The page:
* (a) In terms of the NATIONAL ENVIRONMENTAL MANAGEMENT: BIODIVERSITY ACT 2004 (ACT NO. 10 OF 2004) ALIEN AND INVASIVE SPECIES REGULATIONS, 2014, The Seller declares that to the best of his knowledge there are no Invasive Alien Species, as per the National register of alien and listed invasive species, present on the property.
* (b) In terms of the NATIONAL ENVIRONMENTAL MANAGEMENT: BIODIVERSITY ACT 2004 (ACT NO. 10 OF 2004) ALIEN AND INVASIVE SPECIES REGULATIONS, 2014, The Seller declares that the following listed alien invasive species are present on the property:
* (c) The Purchaser understands that he must apply for a permit with regards all Category 2 Alien Invasive Species in his own name in terms of the NATIONAL ENVIRONMENTAL MANAGEMENT: BIODIVERSITY ACT 2004 (ACT NO. 10 OF 2004) ALIEN AND INVASIVE SPECIES REGULATIONS, 2014 once the property has been transferred.
(*Delete what is not applicable)
(d) The purchaser acknowledges that he has acquainted himself with the extent and nature of the property and accepts the property as such, including the vegetation on the property.
So if you are buying or selling property that could contain Alien Invasive Species, consult with your conveyancer as to what steps you should take to ensure that you comply with the regulations.
Property Law Specialist
Notes – Editor
Regarding surveys, for Alien Invasive Species a basic survey fee will be charged to the seller of immovable property by a registered agent, so that a Declaration of Alien Invasive Species can be drawn up by the registered agent, and submitted by the estate agent to the buyer, as well as to a competent authority (DEA). The amount of the survey fee will depend on the m2 area of the property. Therefore, owners of farms etc will obviously pay more for a survey than a typical suburban property owner, as there will be a much greater area to survey. A registered agent will also be able to assist in acquiring permits for Category 2 alien invasive species, if required by sellers and/or buyers.
A survey of suburban gardens is very necessary and certainly not excessive, because experience has shown that most of them contain Invasive Alien Plants (IAPs). Many nurseries still stock listed prohibited IAPs and so people are still being able to acquire them. They can and do share these with friends and family and so the spread continues. Many IAPs are also distributed easily by wind etc and birds. These can and do then escape into other gardens and the wild by similar means, and could ultimately affect the biodiversity of all indigenous species (and the growing of useful alien non-invasive agricultural species) unless their spread is controlled and they are eradicated as far as possible. Most people also don't know they have IAPs in their gardens.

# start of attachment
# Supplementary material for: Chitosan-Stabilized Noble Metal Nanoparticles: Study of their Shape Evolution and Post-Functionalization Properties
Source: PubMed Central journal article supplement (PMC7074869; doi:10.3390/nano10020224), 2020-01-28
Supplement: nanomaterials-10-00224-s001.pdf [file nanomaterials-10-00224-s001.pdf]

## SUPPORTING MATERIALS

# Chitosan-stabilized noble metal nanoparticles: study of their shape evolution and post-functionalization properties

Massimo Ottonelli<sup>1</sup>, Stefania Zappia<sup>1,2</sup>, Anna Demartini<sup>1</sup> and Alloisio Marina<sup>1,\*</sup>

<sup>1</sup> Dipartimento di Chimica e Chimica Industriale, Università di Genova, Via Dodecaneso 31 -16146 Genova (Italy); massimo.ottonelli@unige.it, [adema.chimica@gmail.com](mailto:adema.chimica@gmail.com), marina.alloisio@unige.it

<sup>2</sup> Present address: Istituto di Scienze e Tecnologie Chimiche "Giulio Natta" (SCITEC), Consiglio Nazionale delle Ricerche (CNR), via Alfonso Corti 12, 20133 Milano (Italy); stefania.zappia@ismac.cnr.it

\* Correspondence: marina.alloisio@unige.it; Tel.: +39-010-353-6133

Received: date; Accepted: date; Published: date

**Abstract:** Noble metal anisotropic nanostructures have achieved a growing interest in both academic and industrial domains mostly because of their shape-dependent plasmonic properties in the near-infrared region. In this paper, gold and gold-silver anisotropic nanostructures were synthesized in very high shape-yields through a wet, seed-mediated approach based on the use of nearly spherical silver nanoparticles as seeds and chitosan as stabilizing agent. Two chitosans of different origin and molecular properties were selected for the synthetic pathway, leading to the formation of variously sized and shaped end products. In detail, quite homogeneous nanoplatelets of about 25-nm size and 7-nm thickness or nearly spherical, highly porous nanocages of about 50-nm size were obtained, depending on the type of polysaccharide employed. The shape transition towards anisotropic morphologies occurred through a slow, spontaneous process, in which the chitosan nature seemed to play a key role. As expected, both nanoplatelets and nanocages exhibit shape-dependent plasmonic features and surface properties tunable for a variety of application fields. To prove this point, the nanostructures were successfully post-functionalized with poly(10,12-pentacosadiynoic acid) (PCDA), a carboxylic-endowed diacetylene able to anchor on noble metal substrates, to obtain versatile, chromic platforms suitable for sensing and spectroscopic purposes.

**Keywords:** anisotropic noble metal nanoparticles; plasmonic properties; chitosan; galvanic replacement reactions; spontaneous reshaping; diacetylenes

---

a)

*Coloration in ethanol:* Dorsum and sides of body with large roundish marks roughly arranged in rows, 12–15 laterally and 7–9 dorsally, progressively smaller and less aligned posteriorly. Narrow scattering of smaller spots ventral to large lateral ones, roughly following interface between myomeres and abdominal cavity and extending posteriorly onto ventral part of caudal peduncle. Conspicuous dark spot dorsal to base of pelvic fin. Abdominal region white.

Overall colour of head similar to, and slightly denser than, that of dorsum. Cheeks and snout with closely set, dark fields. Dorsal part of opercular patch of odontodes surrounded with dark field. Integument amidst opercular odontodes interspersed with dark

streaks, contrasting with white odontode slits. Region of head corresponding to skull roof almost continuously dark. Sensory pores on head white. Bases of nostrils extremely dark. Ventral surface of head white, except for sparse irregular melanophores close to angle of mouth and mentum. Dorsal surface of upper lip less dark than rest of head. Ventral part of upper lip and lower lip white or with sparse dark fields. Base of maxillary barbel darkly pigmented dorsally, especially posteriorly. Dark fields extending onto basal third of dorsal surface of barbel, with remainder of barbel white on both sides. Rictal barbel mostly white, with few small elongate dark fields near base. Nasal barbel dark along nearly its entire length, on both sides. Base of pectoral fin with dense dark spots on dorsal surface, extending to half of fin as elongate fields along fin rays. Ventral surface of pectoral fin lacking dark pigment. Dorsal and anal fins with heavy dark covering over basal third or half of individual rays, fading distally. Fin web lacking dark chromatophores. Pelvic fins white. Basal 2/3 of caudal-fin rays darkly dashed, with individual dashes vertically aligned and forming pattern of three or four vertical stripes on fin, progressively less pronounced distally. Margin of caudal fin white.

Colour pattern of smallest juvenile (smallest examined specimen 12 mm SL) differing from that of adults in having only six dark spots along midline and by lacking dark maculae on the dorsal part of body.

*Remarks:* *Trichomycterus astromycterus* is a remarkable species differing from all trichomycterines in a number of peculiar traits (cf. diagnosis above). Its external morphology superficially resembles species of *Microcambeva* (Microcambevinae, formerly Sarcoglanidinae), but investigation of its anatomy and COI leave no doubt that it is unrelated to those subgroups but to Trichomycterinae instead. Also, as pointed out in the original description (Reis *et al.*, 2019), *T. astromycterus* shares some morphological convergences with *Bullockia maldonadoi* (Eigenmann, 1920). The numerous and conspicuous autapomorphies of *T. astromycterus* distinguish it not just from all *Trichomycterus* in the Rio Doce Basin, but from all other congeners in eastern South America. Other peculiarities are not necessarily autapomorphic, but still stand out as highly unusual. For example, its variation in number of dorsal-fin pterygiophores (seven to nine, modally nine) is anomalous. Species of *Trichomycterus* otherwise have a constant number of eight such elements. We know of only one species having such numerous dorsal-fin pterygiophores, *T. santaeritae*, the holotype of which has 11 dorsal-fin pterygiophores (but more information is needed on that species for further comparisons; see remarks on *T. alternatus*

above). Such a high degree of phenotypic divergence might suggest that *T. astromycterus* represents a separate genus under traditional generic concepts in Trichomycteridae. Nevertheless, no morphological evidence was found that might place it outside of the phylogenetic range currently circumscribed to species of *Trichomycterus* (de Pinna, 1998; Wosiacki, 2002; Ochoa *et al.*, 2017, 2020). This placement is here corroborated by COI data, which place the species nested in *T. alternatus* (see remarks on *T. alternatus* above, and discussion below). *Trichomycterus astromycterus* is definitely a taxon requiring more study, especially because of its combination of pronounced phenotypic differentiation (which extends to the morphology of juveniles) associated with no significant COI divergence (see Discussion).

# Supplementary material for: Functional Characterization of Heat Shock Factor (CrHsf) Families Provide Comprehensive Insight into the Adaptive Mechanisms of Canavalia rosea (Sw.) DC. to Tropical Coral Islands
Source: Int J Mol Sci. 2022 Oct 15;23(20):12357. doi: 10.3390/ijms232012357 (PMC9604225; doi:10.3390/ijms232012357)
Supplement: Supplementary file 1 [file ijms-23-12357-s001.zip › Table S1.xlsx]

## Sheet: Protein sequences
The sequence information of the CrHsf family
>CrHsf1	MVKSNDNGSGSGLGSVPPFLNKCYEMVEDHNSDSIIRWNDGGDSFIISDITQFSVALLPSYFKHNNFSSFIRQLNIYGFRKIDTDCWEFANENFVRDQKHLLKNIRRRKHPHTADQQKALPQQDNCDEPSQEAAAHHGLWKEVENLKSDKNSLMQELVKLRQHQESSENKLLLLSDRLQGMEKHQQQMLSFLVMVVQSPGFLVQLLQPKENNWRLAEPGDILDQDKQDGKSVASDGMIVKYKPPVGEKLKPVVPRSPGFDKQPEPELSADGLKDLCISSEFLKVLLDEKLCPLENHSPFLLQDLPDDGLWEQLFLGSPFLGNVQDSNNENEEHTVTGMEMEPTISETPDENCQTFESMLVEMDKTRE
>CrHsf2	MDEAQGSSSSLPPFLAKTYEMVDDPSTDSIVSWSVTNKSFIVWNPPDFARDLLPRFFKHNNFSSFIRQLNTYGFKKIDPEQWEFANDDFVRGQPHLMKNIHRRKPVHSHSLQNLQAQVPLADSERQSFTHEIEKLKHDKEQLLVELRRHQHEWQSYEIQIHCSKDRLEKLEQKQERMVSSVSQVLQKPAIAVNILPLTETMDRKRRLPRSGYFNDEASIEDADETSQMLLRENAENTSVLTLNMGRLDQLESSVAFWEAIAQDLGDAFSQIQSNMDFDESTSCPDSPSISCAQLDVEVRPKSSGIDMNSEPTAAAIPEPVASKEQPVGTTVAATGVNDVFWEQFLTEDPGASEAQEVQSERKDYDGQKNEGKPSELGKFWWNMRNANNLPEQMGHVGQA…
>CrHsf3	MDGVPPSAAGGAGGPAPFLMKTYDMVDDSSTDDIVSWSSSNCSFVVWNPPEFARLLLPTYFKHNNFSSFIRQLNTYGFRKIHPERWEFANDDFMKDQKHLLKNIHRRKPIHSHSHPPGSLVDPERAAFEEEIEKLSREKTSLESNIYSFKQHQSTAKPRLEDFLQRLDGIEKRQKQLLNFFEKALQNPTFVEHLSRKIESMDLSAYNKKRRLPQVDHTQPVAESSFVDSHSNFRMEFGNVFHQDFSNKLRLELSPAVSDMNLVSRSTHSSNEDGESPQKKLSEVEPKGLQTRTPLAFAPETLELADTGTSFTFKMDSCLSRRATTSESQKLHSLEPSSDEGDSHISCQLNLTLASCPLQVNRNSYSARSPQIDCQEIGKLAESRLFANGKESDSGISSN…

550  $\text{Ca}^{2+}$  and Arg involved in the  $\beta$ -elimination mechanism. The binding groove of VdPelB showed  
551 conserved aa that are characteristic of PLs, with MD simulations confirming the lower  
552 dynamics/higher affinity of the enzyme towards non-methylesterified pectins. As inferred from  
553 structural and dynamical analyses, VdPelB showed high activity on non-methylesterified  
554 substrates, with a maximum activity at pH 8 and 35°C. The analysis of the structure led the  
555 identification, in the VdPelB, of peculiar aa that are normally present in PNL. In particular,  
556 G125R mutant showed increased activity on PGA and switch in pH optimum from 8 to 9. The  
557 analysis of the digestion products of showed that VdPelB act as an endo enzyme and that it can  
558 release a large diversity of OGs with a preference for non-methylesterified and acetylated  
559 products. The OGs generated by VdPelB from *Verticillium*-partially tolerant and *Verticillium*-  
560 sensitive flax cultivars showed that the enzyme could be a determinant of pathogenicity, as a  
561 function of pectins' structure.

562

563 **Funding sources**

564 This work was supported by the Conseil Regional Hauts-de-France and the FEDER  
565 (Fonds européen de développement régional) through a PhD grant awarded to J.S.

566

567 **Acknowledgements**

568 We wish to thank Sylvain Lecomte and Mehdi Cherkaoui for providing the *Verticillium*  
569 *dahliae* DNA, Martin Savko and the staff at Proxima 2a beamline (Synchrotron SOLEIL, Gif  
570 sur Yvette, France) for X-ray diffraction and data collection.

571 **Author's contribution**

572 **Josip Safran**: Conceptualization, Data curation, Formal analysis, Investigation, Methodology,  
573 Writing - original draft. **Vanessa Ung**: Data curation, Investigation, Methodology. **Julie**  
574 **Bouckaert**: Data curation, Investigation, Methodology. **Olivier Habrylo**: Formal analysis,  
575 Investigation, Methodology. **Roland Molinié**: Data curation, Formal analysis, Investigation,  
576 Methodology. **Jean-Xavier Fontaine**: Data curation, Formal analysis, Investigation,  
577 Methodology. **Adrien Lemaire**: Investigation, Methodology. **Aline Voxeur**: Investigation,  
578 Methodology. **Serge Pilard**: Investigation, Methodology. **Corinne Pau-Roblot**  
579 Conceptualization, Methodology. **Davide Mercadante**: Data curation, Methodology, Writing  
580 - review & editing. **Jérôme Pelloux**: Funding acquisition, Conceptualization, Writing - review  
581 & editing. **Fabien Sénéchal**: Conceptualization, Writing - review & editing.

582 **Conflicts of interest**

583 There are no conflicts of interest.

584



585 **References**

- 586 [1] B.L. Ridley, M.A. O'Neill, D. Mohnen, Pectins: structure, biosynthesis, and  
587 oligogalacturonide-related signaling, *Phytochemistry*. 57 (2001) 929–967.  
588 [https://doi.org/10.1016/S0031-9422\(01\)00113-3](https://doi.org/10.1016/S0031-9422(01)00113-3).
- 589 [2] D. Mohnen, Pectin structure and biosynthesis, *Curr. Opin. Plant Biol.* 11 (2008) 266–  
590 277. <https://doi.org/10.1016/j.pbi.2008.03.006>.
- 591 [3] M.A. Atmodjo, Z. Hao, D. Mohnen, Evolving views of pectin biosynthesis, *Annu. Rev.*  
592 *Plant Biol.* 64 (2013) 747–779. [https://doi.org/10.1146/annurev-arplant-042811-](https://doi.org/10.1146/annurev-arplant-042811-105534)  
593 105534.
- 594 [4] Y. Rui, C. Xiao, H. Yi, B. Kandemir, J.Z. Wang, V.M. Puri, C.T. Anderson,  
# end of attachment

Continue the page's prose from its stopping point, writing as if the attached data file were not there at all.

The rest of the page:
At present, sales of property cannot be prevented if the declaration of invasive species is not made and submitted to DEA etc. However, once sellers and buyers, with the full cooperation of estate agents and conveyancers, become educated they will be able to prevent sales from happening until the provisions of the Act are adhered to 100%. Buyers could also, if they are not notified by sellers of the presence of alien invasives, sue sellers and estate agents.
AT PRESENT, sellers are NOT required to REMOVE the alien invasive species, they are only required to NOTIFY the purchaser and a competent authority (DEA) of the presence of alien invasive species, (as they are a liability) and obtain required permits for any listed Category 2 species.
Up until now this info has not been made as clear to estate agents as should have been, which may in part have contributed to many of them ignoring the new legislation. Knowledge of this by all parties will hopefully help prevent other negative reactions to the Act as well, resulting in non-compliance.
Obviously, all Category 1a and 1b alien invasive species do need to be removed ultimately due to their nature, and therefore estate agents, and sellers and buyers of immovable property do need to be made aware of this and take responsibility for this, once a declaration of alien invasive species has been made.
Sellers and buyers can also apply to the DEA for government assistance in the removal of declared Categories 1a and 1b alien invasive species, especially so if they are situated in a riparian area (area 0m - 32m from a river).
Further note: We have had a number of questions which will be answered in due course.